Dog Parks: Risky or Rewarding? 

"I liken the dog park to the bars at 2 a.m. Some dogs can handle the craziness. Some dogs can't."

Most cities and towns across America have a variety of leash laws, many of them strict, meaning that getting one's dog to an off-leash park can be a saving grace for both owner and pet. But does bringing your dog to a dog park encourage inherently risky behavior? Multiple factors can influence whether your dog leaves with a smile or a puncture wound. It's a rules-of-the-road type experience: You're not behind anyone's wheel but your own.

"Even if your dog is great, you can't control what other dogs and people will do," said Hillary Hayward, a Boise-based dog behavior and training manager for Hailey's Mountain Humane animal shelter.

Many dogs have pent-up energy from being home all day, and it only takes one wrong move in a dog park for a situation to erupt. With so many elements you can't control—other owners, other dogs, the park itself—Hayward insists that it's important to focus on what you can control.

"In theory, I think dog parks can be good; if they're well-constructed and well-managed, and dogs can engage in healthy play styles, and owners are watching and can read dog body language, they can be great. But for the most part, I know of very few dogs that do well at dog parks," said Hayward. "Some owners may not realize that their dog's behavior isn't park-appropriate, like chasing, acting rough, and dogs that bully other dogs. How a day at the dog park goes is as much on the owner as on the dog."

Being vigilant about watching your dog, and being able to call them successfully and leash them—ideally before something terrible happens—is crucial. For example, owners should look out for their dogs' body language: High tails, lunging and general assertive behavior are signs that a bad situation is brewing.

"I liken the dog park to the bars at 2 a.m.," said Hayward. "Some people can handle the bars at 2 a.m. and some people would rather be home. Dogs are the same way: Some dogs can handle the craziness of a dog park but some dogs can't. You have to know your dogs and what they prefer to do. I think you have to know your dog well and also be aware that it's a risk to take your dog to a dog park."

Here are some tips to ensure a great visit: Go during less popular times, keep a very close watch on your dog, don't bring treats, keep moving and walking, and be able to leash your dog when necessary.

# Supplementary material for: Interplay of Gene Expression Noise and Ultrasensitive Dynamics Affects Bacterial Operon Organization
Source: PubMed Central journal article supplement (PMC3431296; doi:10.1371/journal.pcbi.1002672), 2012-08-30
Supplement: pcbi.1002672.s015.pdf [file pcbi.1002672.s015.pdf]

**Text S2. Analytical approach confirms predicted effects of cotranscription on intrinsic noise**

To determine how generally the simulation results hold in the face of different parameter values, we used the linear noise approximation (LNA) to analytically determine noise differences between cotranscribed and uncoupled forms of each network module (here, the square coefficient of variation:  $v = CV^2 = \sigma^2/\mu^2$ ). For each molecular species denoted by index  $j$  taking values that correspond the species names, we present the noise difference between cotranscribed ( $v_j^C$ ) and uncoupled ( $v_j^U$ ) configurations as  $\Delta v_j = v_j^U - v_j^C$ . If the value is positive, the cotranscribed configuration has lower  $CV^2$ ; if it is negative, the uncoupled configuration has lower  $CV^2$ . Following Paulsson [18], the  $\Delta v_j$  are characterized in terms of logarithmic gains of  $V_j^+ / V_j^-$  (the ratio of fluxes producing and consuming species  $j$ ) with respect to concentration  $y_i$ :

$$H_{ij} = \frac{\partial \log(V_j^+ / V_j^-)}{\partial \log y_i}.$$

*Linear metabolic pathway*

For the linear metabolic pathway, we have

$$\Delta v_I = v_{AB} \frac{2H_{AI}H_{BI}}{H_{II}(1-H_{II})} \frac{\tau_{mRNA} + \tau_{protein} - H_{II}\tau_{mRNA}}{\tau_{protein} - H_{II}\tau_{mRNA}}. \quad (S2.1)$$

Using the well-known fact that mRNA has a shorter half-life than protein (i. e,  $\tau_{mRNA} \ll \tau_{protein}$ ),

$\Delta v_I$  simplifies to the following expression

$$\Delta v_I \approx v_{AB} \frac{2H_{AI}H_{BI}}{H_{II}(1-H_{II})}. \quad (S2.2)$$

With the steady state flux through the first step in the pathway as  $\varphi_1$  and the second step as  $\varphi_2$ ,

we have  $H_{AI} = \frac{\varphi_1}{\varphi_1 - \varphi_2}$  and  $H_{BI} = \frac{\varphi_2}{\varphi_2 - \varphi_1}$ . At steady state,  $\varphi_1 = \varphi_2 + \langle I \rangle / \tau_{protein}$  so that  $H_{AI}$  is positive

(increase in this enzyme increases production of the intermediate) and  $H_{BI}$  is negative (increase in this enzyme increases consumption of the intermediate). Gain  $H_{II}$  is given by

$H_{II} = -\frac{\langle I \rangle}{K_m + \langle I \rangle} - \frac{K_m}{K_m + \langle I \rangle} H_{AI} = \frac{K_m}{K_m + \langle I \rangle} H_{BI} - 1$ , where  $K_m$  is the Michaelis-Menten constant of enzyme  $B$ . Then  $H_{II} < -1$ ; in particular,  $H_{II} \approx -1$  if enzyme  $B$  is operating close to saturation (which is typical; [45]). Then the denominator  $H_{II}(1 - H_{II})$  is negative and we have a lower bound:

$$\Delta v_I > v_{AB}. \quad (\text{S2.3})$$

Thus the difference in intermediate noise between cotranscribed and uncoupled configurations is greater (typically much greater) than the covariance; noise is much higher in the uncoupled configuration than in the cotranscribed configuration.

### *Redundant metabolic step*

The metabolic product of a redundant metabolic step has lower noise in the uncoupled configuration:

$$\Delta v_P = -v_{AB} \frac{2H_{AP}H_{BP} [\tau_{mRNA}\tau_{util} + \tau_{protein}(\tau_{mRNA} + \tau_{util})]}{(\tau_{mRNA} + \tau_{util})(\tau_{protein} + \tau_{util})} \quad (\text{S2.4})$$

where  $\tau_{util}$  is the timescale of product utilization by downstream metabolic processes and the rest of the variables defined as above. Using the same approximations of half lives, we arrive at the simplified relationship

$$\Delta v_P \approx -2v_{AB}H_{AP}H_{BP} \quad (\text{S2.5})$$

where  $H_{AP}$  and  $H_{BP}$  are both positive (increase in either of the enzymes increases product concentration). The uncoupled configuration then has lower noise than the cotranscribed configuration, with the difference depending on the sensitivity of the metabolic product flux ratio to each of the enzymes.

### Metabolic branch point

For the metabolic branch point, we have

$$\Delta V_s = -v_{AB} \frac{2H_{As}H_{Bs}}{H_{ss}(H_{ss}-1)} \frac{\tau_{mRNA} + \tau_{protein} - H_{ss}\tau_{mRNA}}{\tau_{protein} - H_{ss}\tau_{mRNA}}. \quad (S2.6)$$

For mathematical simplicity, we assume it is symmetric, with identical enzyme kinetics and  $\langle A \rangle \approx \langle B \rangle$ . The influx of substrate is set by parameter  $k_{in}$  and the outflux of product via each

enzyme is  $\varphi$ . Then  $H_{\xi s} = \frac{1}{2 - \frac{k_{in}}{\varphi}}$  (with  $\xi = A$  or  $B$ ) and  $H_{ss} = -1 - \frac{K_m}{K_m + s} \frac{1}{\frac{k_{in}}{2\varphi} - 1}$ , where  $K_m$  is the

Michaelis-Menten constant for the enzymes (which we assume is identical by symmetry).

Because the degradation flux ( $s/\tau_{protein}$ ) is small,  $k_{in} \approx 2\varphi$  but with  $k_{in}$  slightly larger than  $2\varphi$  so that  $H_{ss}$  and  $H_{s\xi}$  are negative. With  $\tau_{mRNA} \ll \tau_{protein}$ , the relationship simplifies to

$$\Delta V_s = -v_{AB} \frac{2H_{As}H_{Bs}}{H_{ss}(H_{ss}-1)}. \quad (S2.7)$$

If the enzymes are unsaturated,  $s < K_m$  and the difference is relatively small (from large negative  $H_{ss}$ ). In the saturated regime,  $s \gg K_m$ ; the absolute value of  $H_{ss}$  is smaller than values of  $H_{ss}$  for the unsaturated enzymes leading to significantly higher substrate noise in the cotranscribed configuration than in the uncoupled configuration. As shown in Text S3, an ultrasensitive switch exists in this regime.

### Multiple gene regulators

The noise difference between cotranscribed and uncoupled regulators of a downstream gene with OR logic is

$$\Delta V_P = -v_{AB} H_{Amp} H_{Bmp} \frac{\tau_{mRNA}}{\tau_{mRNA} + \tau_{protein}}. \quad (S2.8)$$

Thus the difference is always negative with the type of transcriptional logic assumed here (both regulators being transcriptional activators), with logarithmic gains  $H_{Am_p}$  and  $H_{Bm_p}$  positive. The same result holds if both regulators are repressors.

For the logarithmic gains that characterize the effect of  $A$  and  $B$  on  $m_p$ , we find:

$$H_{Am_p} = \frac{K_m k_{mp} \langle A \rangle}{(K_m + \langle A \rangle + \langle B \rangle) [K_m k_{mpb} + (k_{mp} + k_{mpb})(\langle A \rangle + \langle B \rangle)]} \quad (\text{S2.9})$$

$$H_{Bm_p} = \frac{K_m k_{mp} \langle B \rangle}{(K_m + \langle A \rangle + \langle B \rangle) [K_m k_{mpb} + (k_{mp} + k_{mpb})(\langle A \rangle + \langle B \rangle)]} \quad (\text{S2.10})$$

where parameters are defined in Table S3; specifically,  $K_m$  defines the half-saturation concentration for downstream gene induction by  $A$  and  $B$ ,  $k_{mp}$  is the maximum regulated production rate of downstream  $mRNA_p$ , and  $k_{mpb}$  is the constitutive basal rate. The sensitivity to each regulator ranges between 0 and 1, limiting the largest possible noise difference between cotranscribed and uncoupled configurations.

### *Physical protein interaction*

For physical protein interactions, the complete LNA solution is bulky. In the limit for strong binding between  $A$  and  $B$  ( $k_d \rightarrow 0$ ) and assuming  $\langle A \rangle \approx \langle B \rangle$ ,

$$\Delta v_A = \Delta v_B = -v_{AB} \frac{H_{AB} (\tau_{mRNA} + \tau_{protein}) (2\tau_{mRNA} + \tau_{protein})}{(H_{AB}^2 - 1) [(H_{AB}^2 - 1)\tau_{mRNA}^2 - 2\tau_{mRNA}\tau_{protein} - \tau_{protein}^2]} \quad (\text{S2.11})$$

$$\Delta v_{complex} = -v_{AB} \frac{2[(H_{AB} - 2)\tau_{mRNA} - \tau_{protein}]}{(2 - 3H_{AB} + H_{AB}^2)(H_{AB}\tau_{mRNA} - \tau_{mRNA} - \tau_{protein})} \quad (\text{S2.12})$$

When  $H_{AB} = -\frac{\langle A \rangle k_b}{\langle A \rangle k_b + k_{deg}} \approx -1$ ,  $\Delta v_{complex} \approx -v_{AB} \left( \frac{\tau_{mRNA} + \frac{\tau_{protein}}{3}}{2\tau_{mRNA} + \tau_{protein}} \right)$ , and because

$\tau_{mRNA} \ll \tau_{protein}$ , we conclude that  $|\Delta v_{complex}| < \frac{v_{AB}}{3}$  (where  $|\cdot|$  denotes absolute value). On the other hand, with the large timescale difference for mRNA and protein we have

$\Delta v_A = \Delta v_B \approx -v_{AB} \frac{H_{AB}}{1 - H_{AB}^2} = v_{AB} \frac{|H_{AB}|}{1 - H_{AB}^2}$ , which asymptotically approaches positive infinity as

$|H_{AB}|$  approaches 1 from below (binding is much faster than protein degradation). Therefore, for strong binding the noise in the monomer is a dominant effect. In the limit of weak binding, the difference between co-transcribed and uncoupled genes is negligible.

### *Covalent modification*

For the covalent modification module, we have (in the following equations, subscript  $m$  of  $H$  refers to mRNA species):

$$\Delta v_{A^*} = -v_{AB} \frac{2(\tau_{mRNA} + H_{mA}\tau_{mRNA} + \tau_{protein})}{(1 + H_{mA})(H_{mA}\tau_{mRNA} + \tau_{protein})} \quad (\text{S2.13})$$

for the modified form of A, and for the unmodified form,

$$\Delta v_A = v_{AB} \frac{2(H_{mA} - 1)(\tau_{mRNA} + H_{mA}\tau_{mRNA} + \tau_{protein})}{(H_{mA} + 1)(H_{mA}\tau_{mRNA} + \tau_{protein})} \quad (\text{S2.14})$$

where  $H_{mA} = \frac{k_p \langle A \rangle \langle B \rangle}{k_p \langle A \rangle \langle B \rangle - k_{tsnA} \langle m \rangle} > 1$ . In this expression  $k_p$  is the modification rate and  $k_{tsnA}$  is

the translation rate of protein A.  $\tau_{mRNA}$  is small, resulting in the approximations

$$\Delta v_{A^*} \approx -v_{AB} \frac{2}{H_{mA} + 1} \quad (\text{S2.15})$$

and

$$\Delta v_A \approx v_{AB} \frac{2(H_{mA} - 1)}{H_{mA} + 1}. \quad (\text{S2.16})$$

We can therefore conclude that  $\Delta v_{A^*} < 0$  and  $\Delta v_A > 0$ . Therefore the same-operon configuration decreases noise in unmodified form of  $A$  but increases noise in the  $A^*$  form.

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"Dogs will fight over treats, and when dogs are leash-free, they're certainly going to have a lot more chance of having contact with other dogs. And it's the dog-to-dog contact which can lead to just play, [or] other times we'll see everything from aggressive play to downright straight aggression," said Dr. Karsten Fostvedt, a veterinarian who has practiced at St. Francis Pet Clinic in Sun Valley since 1989.

Aside from injuries from fighting, Fostvedt said he sees other negative consequences of dog park interactions at his clinic, like diarrhea from being exposed to various viral agents in the sniffing of other dog's stools, kennel cough, highly contagious dry cough, and lice, which can be transferred from dog to dog.

"Dog parks are wonderful for veterinarians," said Fostvedt. "They keep us busy!"

Jennifer, a Boise dog owner who preferred to keep her last name private, said she loves going to one of Boise's 13 off-leash dog parks.

"I feel like I've had really good dog park experiences," she said. "I've found that at the dog park, other dog parents self-police really well. I think all we can do is practice common sense and encourage other people to do the same. If there has ever been a very aggressive dog, we generally leave the park or ask them to leave. But it's a hard balance because a lot of people are also at the dog park because they are trying to get their pets better behaved [or] socialized."

Hayward has two more recommendations if you are bent on socializing your dog in a group setting. She advised talking to friends or an animal trainer to see if they think your dog is well-behaved enough for a park visit. Also, check out the park in advance to see what other kinds of dogs and people are there. Or, to err on the side of caution, schedule something akin to a "play date" with friends and a few dogs in a small groups, perhaps in a backyard setting, where you can monitor and manage behavior.

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